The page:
Shavuot musical delight: César Franck, excerpts from oratorio “Ruth”

Happy Shavuot to my fellow Jews. The holiday takes place on the fiftieth (pentekoste in Greek) day after Passover, the way Pentecost (also known as Whitsun in the UK) takes place fifty days after Easter in Christianity.

Where Passover celebrates the liberation from bondage in Egypt, Shavuot celebrates the giving of the Torah (usually translated as “Law”, but more literally “Teaching”) on Mount Sinai. There is another, related story: that of the Moabite woman Ruth who embraced the faith of the Hebrews, married Boaz, and became the ancestor of King David. Hence, the Book of Ruth is read as the Haftarah on Shavuot.

I did not realize that an early work — his first composition for a large ensemble — by the 19th century Belgian-French composer of German ancestry[*] César Franck [*] was an oratorio based on the book. It was not well received at the time; while he would later see acclaim for some orchestral compositions, his fame as a composer largely rests on chamber music and composition for organ (on which he was a famous improviser). [**]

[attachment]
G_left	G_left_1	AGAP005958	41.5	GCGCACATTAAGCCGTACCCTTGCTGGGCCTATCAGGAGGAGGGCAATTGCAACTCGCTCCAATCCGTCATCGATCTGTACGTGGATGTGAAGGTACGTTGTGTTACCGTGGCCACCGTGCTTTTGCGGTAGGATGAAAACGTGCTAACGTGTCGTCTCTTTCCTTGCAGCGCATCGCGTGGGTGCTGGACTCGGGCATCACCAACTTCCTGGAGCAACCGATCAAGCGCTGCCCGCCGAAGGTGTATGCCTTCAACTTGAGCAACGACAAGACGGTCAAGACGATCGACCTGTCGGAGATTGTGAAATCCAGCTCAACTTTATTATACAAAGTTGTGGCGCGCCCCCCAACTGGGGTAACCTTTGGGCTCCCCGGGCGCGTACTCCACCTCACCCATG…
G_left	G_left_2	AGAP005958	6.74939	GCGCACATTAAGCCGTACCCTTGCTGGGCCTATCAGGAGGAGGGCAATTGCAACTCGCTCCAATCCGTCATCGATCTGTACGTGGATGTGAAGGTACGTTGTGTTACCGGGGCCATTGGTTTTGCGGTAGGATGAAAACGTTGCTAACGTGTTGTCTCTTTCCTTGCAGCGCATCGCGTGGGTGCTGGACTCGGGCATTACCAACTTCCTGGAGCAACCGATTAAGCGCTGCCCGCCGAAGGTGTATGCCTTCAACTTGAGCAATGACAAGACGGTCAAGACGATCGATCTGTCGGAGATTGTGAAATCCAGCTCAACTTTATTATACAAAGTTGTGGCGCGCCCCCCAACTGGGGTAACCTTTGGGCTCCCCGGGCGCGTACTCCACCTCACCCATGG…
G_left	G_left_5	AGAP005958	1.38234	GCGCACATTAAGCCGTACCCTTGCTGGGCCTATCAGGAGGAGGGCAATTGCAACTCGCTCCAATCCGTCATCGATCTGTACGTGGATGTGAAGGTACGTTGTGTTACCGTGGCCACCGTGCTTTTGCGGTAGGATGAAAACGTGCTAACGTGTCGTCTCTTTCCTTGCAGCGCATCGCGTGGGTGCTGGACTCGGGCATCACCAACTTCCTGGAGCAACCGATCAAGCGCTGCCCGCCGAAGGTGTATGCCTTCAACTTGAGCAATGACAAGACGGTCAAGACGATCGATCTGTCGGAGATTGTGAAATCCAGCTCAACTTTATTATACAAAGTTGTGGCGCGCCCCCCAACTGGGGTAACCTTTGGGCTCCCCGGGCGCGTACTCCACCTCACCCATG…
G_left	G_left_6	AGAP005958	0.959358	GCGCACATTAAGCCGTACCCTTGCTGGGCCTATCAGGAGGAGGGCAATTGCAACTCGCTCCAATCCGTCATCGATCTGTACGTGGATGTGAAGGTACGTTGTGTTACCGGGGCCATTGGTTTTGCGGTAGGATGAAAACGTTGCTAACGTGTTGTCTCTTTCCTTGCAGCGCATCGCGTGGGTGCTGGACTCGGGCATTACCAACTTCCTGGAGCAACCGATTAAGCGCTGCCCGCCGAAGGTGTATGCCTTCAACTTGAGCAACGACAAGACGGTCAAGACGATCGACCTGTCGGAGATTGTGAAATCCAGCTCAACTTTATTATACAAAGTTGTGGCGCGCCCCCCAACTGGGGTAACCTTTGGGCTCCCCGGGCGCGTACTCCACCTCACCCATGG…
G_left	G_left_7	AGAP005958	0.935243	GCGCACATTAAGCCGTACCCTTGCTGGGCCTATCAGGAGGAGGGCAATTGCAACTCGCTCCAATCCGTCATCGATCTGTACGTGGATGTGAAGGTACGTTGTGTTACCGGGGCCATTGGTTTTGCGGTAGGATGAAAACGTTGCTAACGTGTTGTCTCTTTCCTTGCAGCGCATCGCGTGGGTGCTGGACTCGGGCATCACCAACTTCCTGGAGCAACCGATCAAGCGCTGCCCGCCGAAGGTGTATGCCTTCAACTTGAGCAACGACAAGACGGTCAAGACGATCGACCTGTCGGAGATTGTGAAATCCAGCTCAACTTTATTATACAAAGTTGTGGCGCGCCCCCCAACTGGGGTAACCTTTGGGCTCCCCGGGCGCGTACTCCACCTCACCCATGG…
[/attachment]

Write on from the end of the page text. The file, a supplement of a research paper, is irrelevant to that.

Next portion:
Below are some excerpts from the oratorio on YouTube.

Enjoy and chag shavuot sameach!

[*] Franck was born and until age 13 raised in Liège (also known as Luik in Dutch and Lüttich in German) in the French-speaking part of what was soon to become Belgium, and would soon be its Pittsburgh or Birmingham, as the nearby coal deposits facilitated steel manufacture. His mother was from Aachen in present-day Germany, while his father was born in a town on the border with the German Confederation. Liège itself had been the seat of the Prince-Bishopric of Liège within the Holy Roman Empire until its dissolution in 1806. After piano child prodigy César had graduated from the Liège conservatory at age 13 (!), the family relocated to Paris so he could get advanced instruction, in tandem with his burgeoning concert career.

[**] While he had written a lot of solo piano music in his younger days, for his own use on the concert stage, he disowned most of it later as his mature compositional style had taken shape. Franck’s mature works are praised for their depth and formal unity

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